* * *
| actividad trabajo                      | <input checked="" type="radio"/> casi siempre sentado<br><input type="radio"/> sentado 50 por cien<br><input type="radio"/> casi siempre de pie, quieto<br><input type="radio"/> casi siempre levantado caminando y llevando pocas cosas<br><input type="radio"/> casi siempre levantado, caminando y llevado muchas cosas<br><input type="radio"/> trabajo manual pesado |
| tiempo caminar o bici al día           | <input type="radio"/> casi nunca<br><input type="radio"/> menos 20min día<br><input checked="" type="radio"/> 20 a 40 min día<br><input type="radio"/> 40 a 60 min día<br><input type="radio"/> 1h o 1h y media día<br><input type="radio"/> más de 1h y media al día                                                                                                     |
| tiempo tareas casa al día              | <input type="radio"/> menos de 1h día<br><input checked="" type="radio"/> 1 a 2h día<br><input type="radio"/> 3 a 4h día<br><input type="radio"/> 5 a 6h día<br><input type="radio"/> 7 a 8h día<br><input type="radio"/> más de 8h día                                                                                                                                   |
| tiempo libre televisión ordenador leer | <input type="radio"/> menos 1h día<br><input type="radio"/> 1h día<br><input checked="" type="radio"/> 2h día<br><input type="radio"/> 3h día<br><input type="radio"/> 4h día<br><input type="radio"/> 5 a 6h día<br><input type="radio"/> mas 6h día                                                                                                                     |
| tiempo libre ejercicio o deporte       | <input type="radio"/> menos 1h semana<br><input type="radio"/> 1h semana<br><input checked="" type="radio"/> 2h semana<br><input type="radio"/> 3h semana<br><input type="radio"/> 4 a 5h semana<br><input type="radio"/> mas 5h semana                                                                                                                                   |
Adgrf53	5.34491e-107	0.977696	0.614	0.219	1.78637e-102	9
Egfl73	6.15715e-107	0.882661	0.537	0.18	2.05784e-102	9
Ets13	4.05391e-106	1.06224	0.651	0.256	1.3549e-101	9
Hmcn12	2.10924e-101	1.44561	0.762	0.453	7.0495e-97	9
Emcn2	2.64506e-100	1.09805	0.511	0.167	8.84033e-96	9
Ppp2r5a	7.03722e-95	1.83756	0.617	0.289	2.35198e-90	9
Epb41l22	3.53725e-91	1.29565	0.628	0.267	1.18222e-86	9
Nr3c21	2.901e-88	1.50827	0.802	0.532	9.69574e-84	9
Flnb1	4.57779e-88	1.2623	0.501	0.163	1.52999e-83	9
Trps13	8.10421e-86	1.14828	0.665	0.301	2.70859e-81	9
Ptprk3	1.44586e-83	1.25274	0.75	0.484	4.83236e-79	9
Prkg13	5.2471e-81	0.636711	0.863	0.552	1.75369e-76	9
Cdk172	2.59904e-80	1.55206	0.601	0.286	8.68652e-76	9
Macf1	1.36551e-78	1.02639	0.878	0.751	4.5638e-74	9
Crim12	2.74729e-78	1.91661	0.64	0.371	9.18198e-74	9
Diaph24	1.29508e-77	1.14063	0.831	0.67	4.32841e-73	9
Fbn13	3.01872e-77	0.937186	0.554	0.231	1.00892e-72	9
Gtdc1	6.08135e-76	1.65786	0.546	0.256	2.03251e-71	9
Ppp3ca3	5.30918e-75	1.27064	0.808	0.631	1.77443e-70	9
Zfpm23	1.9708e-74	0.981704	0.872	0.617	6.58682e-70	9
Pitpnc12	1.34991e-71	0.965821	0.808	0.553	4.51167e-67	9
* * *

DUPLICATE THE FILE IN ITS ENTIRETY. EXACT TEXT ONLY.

| actividad trabajo                      | <input checked="" type="radio"/> casi siempre sentado<br><input type="radio"/> sentado 50 por cien<br><input type="radio"/> casi siempre de pie, quieto<br><input type="radio"/> casi siempre levantado caminando y llevando pocas cosas<br><input type="radio"/> casi siempre levantado, caminando y llevado muchas cosas<br><input type="radio"/> trabajo manual pesado |
| tiempo caminar o bici al día           | <input type="radio"/> casi nunca<br><input type="radio"/> menos 20min día<br><input checked="" type="radio"/> 20 a 40 min día<br><input type="radio"/> 40 a 60 min día<br><input type="radio"/> 1h o 1h y media día<br><input type="radio"/> más de 1h y media al día                                                                                                     |
| tiempo tareas casa al día              | <input type="radio"/> menos de 1h día<br><input checked="" type="radio"/> 1 a 2h día<br><input type="radio"/> 3 a 4h día<br><input type="radio"/> 5 a 6h día<br><input type="radio"/> 7 a 8h día<br><input type="radio"/> más de 8h día                                                                                                                                   |
| tiempo libre televisión ordenador leer | <input type="radio"/> menos 1h día<br><input type="radio"/> 1h día<br><input checked="" type="radio"/> 2h día<br><input type="radio"/> 3h día<br><input type="radio"/> 4h día<br><input type="radio"/> 5 a 6h día<br><input type="radio"/> mas 6h día                                                                                                                     |
| tiempo libre ejercicio o deporte       | <input type="radio"/> menos 1h semana<br><input type="radio"/> 1h semana<br><input checked="" type="radio"/> 2h semana<br><input type="radio"/> 3h semana<br><input type="radio"/> 4 a 5h semana<br><input type="radio"/> mas 5h semana                                                                                                                                   |
Adgrf53	5.34491e-107	0.977696	0.614	0.219	1.78637e-102	9
Egfl73	6.15715e-107	0.882661	0.537	0.18	2.05784e-102	9
Ets13	4.05391e-106	1.06224	0.651	0.256	1.3549e-101	9
Hmcn12	2.10924e-101	1.44561	0.762	0.453	7.0495e-97	9
Emcn2	2.64506e-100	1.09805	0.511	0.167	8.84033e-96	9
Ppp2r5a	7.03722e-95	1.83756	0.617	0.289	2.35198e-90	9
Epb41l22	3.53725e-91	1.29565	0.628	0.267	1.18222e-86	9
Nr3c21	2.901e-88	1.50827	0.802	0.532	9.69574e-84	9
Flnb1	4.57779e-88	1.2623	0.501	0.163	1.52999e-83	9
Trps13	8.10421e-86	1.14828	0.665	0.301	2.70859e-81	9
Ptprk3	1.44586e-83	1.25274	0.75	0.484	4.83236e-79	9
Prkg13	5.2471e-81	0.636711	0.863	0.552	1.75369e-76	9
Cdk172	2.59904e-80	1.55206	0.601	0.286	8.68652e-76	9
Macf1	1.36551e-78	1.02639	0.878	0.751	4.5638e-74	9
Crim12	2.74729e-78	1.91661	0.64	0.371	9.18198e-74	9
Diaph24	1.29508e-77	1.14063	0.831	0.67	4.32841e-73	9
Fbn13	3.01872e-77	0.937186	0.554	0.231	1.00892e-72	9
Gtdc1	6.08135e-76	1.65786	0.546	0.256	2.03251e-71	9
Ppp3ca3	5.30918e-75	1.27064	0.808	0.631	1.77443e-70	9
Zfpm23	1.9708e-74	0.981704	0.872	0.617	6.58682e-70	9
Pitpnc12	1.34991e-71	0.965821	0.808	0.553	4.51167e-67	9